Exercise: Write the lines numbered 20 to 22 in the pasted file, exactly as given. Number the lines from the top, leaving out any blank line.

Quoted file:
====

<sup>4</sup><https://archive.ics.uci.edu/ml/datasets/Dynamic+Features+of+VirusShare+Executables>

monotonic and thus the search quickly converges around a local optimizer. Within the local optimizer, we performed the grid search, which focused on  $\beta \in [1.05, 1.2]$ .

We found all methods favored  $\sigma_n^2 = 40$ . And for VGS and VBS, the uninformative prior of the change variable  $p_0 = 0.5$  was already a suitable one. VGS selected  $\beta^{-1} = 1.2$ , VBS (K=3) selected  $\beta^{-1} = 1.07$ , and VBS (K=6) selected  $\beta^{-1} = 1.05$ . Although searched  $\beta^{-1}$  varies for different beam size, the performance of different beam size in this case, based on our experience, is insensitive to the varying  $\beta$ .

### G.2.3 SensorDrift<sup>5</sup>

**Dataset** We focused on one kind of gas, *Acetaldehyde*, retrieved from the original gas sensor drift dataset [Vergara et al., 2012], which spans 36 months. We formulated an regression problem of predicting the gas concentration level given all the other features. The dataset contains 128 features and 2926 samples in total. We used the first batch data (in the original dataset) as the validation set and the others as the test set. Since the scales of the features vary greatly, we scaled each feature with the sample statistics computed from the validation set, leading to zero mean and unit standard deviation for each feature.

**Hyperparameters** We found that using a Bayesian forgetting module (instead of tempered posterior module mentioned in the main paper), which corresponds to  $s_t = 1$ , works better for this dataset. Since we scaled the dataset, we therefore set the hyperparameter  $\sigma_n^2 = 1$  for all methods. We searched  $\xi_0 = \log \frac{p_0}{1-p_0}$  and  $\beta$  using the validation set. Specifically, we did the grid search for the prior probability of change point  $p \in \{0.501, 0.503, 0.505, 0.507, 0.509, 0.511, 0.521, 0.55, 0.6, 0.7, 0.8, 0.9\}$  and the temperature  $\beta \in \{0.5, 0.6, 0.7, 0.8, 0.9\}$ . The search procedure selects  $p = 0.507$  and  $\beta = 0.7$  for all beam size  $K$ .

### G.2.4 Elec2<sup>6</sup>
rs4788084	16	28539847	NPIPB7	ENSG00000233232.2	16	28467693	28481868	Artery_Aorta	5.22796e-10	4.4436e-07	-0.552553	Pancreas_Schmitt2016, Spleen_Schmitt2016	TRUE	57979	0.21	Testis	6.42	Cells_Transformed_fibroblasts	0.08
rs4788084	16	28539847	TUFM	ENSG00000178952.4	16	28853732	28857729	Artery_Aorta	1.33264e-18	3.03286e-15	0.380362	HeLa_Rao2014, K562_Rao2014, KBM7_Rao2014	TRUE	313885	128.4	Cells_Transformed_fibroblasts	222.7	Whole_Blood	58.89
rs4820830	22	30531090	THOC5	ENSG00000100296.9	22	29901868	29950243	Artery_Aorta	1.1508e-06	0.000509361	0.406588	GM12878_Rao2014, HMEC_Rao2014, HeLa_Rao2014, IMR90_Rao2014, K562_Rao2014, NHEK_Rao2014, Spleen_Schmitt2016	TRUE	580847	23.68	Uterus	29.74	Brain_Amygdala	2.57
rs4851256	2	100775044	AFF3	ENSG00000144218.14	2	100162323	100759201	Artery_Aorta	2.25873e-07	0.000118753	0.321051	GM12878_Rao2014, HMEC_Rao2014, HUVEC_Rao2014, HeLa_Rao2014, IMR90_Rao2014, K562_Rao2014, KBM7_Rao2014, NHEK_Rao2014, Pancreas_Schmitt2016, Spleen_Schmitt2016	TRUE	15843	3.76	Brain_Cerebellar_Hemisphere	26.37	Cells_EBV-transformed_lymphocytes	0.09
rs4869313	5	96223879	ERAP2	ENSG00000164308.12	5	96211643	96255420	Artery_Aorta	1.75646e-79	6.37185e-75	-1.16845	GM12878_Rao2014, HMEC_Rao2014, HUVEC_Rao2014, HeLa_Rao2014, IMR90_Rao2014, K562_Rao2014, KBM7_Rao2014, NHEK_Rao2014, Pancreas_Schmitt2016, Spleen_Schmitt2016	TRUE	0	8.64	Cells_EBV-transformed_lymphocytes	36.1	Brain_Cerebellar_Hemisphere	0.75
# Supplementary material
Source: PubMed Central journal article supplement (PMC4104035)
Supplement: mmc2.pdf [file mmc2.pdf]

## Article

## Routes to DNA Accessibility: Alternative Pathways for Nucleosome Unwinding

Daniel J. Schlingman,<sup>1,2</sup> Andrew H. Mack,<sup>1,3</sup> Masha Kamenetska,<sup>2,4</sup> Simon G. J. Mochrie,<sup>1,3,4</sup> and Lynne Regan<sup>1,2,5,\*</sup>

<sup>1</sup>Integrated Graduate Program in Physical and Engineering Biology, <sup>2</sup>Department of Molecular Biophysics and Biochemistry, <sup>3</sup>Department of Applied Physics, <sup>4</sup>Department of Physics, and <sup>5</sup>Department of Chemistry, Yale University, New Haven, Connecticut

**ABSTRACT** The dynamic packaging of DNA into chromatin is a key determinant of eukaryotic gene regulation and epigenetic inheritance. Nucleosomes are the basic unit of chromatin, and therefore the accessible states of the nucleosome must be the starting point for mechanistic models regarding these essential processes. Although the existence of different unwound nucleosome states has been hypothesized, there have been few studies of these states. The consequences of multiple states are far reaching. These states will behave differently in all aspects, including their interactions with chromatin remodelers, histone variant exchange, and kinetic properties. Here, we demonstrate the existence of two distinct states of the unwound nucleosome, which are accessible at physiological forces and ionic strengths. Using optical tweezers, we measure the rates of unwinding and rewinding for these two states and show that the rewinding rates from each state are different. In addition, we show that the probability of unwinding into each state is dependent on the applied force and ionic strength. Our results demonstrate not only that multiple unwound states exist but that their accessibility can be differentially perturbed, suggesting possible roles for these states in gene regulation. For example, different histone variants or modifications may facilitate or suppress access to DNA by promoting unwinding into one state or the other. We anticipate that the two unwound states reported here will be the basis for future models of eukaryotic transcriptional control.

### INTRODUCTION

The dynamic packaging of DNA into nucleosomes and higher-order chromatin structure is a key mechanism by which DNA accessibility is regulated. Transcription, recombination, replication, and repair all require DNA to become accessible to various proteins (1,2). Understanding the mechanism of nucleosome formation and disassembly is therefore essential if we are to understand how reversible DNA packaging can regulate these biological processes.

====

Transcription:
**ABSTRACT** The dynamic packaging of DNA into chromatin is a key determinant of eukaryotic gene regulation and epigenetic inheritance. Nucleosomes are the basic unit of chromatin, and therefore the accessible states of the nucleosome must be the starting point for mechanistic models regarding these essential processes. Although the existence of different unwound nucleosome states has been hypothesized, there have been few studies of these states. The consequences of multiple states are far reaching. These states will behave differently in all aspects, including their interactions with chromatin remodelers, histone variant exchange, and kinetic properties. Here, we demonstrate the existence of two distinct states of the unwound nucleosome, which are accessible at physiological forces and ionic strengths. Using optical tweezers, we measure the rates of unwinding and rewinding for these two states and show that the rewinding rates from each state are different. In addition, we show that the probability of unwinding into each state is dependent on the applied force and ionic strength. Our results demonstrate not only that multiple unwound states exist but that their accessibility can be differentially perturbed, suggesting possible roles for these states in gene regulation. For example, different histone variants or modifications may facilitate or suppress access to DNA by promoting unwinding into one state or the other. We anticipate that the two unwound states reported here will be the basis for future models of eukaryotic transcriptional control.

### INTRODUCTION

The dynamic packaging of DNA into nucleosomes and higher-order chromatin structure is a key mechanism by which DNA accessibility is regulated. Transcription, recombination, replication, and repair all require DNA to become accessible to various proteins (1,2). Understanding the mechanism of nucleosome formation and disassembly is therefore essential if we are to understand how reversible DNA packaging can regulate these biological processes.